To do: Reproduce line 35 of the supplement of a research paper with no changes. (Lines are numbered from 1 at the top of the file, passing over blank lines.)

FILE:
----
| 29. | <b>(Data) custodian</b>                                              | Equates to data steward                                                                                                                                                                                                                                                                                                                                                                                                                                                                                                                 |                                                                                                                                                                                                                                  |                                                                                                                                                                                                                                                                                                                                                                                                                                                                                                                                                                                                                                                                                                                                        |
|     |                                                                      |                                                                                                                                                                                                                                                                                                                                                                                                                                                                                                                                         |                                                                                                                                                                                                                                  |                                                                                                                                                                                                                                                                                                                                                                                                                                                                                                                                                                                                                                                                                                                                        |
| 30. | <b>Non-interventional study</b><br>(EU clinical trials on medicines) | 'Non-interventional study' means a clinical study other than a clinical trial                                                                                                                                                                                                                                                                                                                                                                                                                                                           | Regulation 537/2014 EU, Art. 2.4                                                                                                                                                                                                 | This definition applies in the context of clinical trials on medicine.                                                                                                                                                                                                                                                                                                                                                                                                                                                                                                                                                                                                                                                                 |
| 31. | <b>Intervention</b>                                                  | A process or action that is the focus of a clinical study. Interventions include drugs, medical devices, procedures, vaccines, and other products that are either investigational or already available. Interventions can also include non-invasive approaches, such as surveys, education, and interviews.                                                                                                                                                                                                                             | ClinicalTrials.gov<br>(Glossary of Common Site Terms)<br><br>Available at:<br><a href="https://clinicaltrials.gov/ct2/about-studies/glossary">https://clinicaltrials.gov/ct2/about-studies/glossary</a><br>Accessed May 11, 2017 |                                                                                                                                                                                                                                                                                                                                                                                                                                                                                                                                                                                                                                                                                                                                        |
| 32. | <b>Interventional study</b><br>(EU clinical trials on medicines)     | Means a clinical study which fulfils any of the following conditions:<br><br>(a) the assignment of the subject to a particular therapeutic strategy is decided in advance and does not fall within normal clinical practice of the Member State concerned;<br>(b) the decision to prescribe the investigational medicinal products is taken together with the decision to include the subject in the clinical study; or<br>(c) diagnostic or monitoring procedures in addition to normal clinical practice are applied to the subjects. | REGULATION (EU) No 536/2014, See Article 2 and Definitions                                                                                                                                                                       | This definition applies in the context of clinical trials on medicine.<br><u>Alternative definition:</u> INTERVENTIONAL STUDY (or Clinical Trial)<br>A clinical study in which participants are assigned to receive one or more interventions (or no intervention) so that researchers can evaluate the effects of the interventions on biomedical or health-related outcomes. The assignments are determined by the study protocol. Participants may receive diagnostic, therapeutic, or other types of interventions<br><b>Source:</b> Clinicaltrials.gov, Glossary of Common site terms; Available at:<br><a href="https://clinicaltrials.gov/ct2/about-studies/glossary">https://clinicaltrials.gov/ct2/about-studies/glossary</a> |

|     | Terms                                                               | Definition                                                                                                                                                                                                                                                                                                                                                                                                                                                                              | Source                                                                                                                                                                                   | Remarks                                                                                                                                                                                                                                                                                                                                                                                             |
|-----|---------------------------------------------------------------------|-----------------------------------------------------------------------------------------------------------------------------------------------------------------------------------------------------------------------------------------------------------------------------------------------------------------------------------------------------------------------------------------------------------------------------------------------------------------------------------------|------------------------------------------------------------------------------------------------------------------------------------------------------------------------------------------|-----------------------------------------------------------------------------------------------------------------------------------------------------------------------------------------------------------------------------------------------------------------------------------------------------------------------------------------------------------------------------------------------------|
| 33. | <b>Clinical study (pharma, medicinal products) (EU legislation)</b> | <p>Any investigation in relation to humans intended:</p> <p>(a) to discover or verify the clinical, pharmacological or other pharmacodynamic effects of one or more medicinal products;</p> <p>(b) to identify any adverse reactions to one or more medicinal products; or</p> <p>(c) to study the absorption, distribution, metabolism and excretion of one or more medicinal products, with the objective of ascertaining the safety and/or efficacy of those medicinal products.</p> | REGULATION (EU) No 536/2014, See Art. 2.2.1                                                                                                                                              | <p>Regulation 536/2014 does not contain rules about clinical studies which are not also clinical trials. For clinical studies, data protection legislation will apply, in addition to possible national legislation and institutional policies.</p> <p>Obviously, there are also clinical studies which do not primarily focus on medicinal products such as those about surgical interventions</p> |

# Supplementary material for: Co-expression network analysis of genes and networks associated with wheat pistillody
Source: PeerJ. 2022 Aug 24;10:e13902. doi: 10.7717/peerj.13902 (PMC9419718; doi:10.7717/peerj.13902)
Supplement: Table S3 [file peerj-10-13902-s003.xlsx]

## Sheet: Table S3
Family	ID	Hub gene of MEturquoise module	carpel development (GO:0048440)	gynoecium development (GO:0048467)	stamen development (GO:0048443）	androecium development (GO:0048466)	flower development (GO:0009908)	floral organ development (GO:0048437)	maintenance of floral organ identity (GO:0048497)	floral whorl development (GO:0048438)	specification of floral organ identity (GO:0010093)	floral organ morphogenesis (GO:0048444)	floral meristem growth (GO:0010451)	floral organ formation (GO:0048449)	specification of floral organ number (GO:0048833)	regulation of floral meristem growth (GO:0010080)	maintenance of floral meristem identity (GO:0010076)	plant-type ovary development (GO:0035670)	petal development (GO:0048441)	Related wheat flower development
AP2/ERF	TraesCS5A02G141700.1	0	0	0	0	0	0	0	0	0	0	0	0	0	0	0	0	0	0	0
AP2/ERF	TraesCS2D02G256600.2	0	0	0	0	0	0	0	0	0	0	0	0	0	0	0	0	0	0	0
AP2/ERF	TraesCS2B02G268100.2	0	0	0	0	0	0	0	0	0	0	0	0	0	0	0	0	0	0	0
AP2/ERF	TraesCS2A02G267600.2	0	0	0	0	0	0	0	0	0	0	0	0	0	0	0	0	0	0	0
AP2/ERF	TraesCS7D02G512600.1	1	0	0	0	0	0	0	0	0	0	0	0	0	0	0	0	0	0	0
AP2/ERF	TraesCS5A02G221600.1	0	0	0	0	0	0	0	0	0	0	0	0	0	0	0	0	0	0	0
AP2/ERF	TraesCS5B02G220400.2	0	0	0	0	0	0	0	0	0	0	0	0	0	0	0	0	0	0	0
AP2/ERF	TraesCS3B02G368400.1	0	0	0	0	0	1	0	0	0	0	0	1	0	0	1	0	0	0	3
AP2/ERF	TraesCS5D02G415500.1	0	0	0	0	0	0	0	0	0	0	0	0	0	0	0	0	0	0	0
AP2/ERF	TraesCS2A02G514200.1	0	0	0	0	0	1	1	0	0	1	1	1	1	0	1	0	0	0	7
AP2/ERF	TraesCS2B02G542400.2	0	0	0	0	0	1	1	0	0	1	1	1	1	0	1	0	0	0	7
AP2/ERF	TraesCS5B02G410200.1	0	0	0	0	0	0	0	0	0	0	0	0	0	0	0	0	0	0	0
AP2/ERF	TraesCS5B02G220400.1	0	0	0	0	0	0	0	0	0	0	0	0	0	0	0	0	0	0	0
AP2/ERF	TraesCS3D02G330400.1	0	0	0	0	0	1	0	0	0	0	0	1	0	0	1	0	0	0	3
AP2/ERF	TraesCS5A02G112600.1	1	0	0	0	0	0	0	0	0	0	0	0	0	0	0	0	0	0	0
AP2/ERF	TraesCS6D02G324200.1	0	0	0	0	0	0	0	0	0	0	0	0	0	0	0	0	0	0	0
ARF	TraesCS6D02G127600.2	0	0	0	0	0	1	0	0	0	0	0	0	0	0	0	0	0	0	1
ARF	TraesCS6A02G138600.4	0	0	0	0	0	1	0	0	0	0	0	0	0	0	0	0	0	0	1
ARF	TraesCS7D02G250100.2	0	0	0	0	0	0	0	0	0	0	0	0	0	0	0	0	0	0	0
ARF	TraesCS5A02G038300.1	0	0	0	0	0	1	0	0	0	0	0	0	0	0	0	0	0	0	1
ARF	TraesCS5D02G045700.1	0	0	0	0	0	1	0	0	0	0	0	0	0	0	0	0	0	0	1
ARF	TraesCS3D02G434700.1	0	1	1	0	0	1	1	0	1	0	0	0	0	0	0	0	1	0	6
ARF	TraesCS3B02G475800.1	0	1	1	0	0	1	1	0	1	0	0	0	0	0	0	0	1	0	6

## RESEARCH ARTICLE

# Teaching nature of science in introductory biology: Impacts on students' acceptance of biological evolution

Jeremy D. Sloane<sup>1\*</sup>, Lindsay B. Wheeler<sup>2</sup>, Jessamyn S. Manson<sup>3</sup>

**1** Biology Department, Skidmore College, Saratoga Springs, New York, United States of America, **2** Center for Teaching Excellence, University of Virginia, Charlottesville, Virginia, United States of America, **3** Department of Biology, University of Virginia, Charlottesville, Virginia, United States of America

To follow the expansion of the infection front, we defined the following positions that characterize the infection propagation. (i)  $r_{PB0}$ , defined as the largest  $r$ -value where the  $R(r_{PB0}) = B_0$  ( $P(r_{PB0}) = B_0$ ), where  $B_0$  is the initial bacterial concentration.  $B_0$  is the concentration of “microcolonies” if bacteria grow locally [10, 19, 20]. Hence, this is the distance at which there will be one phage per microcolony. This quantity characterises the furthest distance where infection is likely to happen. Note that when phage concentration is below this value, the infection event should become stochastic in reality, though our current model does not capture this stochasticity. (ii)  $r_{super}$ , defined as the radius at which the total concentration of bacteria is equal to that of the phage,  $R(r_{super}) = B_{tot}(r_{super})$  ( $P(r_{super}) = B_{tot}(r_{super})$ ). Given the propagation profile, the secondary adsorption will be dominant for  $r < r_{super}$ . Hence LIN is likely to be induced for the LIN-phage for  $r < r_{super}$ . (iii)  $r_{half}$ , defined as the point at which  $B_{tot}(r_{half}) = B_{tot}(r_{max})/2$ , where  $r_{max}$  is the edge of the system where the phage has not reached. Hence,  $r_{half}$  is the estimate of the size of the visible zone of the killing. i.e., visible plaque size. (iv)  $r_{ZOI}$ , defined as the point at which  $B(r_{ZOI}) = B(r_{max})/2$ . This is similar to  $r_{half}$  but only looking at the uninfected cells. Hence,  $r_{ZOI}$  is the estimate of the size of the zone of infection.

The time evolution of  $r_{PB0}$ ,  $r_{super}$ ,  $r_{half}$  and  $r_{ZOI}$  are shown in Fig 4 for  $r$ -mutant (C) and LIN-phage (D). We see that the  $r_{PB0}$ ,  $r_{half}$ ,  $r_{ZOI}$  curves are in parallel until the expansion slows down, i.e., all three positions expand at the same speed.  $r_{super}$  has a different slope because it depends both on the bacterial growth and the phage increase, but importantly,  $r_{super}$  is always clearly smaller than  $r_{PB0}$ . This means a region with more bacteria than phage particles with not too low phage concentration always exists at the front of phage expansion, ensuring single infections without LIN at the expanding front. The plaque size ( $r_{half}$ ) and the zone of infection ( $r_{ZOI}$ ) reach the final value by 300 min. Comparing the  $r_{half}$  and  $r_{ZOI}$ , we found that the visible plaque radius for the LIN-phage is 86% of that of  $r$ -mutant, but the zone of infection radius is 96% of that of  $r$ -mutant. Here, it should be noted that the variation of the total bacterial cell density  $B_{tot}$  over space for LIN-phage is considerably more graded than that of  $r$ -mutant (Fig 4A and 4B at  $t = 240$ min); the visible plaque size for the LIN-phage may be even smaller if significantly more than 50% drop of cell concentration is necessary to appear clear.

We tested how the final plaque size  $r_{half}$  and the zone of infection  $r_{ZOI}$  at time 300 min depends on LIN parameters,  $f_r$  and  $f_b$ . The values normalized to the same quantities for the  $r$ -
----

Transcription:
ARF	TraesCS3D02G434700.1	0	1	1	0	0	1	1	0	1	0	0	0	0	0	0	0	1	0	6